Foreign aid, trade and the delicate China challenge

Australian aid to Pacific nations will have clear objectives on climate change.

Australian aid to Pacific nations will have clear objectives on climate change. Photo: NASA

Australia will shift its foreign aid focus towards projects responding to climate change and gender equality as an alternative approach to China’s aid amid a rising contest for regional influence.

Tuesday’s aid overhaul – hailed by the government as the first in a decade – comes just days after a breakthrough in a three-year trade dispute with Beijing.

Simultaneously normalising frosty relations with China while stepping up efforts to compete in the Pacific appears to be the government’s central foreign policy challenge.

Implicit comparison

The only mention of Beijing at Tuesday’s launch was through implicit comparison.

Speaking at the launch, Foreign Minister Penny Wong said the region had changed significantly since Australia’s last aid policy overhaul and was now facing its most significant challenges in generations.

“These challenges include encroachments on the ability of countries to exercise their agency,” Minister Wong said.

“Unsustainable lending; coercive trade measures; the reshaping of international rules, standards and norms that have benefited smaller countries from trade to human rights …”

Critics have also questioned the quality and utility of significant infrastructure projects funded by Chinese aid.

Australia’s aid focus

Minister for International Development Pat Conroy said the overhaul would focus on the unique characteristics of Australian aid, including that it was transparent and not transactional.

Mr Conroy spruiked the hiring of local workers on infrastructure projects (Beijing has insisted on bringing in its own) as a central selling point.

Another would be a requirement for 80 per cent of new, major projects to include objectives for promoting climate change responses and gender equality.

“We are on a journey to rebuild our development program into one which works better to: Improve the lives of people in our developing country partners … [and] … embody Australia’s values,” he said.

Twenty two of Australia’s 26 closest neighbours are developing countries, Mr Conroy said.

In October, the Australian government committed an additional $1.4 billion in development assistance expenditure over the next four years.

Nationals Senator Matt Canavan criticised the changes, saying Pacific nations did not need a “gender studies” lecture and that the focus on climate change was a Western eccentricity.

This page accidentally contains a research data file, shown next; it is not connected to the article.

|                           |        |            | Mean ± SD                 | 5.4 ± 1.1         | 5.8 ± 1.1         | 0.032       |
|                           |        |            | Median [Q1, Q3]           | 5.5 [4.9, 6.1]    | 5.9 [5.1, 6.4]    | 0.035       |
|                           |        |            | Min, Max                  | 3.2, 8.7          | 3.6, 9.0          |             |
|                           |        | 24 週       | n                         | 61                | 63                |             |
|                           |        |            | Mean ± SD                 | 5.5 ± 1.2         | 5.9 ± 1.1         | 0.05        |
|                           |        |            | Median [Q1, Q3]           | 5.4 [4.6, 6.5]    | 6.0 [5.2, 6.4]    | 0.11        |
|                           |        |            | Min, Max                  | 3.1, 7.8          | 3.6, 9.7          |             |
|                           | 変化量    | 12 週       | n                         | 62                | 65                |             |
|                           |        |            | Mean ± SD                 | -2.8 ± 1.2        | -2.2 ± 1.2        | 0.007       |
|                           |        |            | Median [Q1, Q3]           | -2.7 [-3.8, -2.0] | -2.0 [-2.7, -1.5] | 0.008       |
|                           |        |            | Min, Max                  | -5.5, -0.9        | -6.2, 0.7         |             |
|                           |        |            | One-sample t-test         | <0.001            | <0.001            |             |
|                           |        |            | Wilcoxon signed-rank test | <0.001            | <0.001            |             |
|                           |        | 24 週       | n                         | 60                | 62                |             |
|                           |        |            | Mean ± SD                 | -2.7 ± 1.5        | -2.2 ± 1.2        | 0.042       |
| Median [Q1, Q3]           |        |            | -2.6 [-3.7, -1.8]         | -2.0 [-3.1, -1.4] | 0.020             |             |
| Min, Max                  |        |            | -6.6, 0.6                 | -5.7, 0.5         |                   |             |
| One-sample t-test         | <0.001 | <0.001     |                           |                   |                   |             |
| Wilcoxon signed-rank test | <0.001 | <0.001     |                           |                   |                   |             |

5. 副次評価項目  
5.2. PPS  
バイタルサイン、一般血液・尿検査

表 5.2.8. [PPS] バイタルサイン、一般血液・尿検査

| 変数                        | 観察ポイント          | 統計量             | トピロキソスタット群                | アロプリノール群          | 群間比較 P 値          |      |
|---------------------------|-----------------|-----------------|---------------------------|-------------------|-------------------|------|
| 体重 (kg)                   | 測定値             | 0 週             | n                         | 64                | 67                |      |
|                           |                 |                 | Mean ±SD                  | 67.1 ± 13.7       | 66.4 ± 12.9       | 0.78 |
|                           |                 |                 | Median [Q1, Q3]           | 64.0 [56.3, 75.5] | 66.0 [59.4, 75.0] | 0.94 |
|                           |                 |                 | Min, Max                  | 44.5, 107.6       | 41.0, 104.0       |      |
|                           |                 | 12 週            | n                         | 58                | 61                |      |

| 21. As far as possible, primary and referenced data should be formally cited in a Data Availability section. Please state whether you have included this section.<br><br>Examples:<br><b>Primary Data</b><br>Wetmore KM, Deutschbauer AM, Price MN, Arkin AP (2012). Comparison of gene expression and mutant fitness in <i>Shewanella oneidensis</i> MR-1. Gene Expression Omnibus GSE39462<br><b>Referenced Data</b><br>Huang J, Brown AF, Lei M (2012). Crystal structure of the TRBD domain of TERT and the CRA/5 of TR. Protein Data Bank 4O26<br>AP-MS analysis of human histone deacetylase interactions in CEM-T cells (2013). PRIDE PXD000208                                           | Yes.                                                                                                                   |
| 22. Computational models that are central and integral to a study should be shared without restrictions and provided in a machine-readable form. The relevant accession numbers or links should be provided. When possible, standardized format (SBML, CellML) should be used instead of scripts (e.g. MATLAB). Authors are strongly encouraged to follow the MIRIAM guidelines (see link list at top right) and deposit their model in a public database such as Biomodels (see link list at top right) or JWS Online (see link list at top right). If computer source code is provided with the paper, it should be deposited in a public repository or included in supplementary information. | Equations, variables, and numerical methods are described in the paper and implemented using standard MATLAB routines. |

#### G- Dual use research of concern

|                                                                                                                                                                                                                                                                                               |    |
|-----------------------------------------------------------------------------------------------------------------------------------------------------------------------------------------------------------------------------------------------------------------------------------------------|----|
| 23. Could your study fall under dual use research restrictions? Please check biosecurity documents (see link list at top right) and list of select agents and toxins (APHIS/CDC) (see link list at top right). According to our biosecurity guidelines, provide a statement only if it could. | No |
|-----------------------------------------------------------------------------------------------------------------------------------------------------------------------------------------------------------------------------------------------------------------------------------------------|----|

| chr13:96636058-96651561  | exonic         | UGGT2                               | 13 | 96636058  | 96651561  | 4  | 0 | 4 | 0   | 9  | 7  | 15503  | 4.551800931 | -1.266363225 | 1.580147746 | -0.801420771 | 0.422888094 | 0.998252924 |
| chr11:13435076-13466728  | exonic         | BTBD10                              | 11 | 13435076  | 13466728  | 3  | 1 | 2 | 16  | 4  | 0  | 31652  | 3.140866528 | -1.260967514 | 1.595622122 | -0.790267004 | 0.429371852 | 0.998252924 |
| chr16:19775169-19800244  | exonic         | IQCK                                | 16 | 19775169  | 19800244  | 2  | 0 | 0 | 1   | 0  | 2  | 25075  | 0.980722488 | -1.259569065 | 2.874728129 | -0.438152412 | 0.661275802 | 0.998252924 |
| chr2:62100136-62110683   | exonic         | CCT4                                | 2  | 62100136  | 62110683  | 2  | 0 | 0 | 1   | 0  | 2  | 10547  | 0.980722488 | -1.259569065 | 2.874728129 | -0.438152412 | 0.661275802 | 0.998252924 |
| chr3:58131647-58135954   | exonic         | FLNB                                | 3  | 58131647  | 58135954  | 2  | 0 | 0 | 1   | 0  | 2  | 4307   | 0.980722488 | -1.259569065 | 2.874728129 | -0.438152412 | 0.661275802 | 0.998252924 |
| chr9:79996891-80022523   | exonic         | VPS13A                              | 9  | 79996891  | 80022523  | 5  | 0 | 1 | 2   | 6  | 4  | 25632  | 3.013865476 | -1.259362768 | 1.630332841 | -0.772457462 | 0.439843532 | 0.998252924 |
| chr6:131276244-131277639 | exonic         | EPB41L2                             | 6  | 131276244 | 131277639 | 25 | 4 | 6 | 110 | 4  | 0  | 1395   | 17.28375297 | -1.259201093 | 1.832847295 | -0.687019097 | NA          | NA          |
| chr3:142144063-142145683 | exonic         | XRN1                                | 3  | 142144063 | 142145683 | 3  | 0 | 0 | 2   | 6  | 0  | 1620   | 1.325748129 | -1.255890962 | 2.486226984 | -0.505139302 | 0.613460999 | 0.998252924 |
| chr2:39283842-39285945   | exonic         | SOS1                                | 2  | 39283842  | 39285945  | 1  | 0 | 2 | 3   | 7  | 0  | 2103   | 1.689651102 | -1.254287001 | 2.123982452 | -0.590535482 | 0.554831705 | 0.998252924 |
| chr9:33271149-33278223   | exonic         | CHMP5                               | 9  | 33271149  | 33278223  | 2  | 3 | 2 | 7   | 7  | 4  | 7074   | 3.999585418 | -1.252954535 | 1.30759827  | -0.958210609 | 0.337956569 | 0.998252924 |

Rising contest

The contest for influence in the Pacific is being fought across domains other than aid, and with players other than China.

In recent months foreign leaders have converged on Papua New Guinea, Australia’s nearest neighbour, including Indian Prime Minister Narendra Modi, Indonesian President Joko Widodo and both of America’s secretaries of state and defence.

French President Emmanuel Macron made a historic visit last month, too, pitching an alternative to a region whose smaller countries were threatened by a “new imperialism”.

Last month, US Secretary of State Antony Blinken opened a new embassy in Tonga, a country that has fallen more than $150 million into debt to Beijing.

The flow of aid and development finance from Beijing to the region, while slowed in recent years, now focuses on countries increasingly drawn into its orbit.

China and Solomon Islands have signed a security pact; it was revealed last year, in what was considered a major foreign policy setback.

But Australia is the country’s most significant development partner and spent more than $161 million on aid to Honiara last year, according to budget papers

Some $55 billion was spent on development and financing projects in the Pacific between 2008 and 2020 by 67 different donors, according to estimates published last year by the Lowy Institute.

Chinese development expenditure over that time has amounted to more than $5 billion.

A former Prime Minister of Samoa, Tuilaʻepa Saʻilele Malielegaoi, hailed Beijing’s approach to development as “extremely flexible”.

Barley breakthrough

The changes come after Beijing announced it would drop, from Saturday, an 80.5 per cent tariff imposed on Australian barley in 2020 as part of broader economic retaliation brought in response to rising tensions with the Morrison government.

A higher trade barrier on wine remains.

“We want all impediments removed,” Trade Minister Don Farrell said.

“We think with some goodwill on both sides, we can completely stabilise the relationship.”

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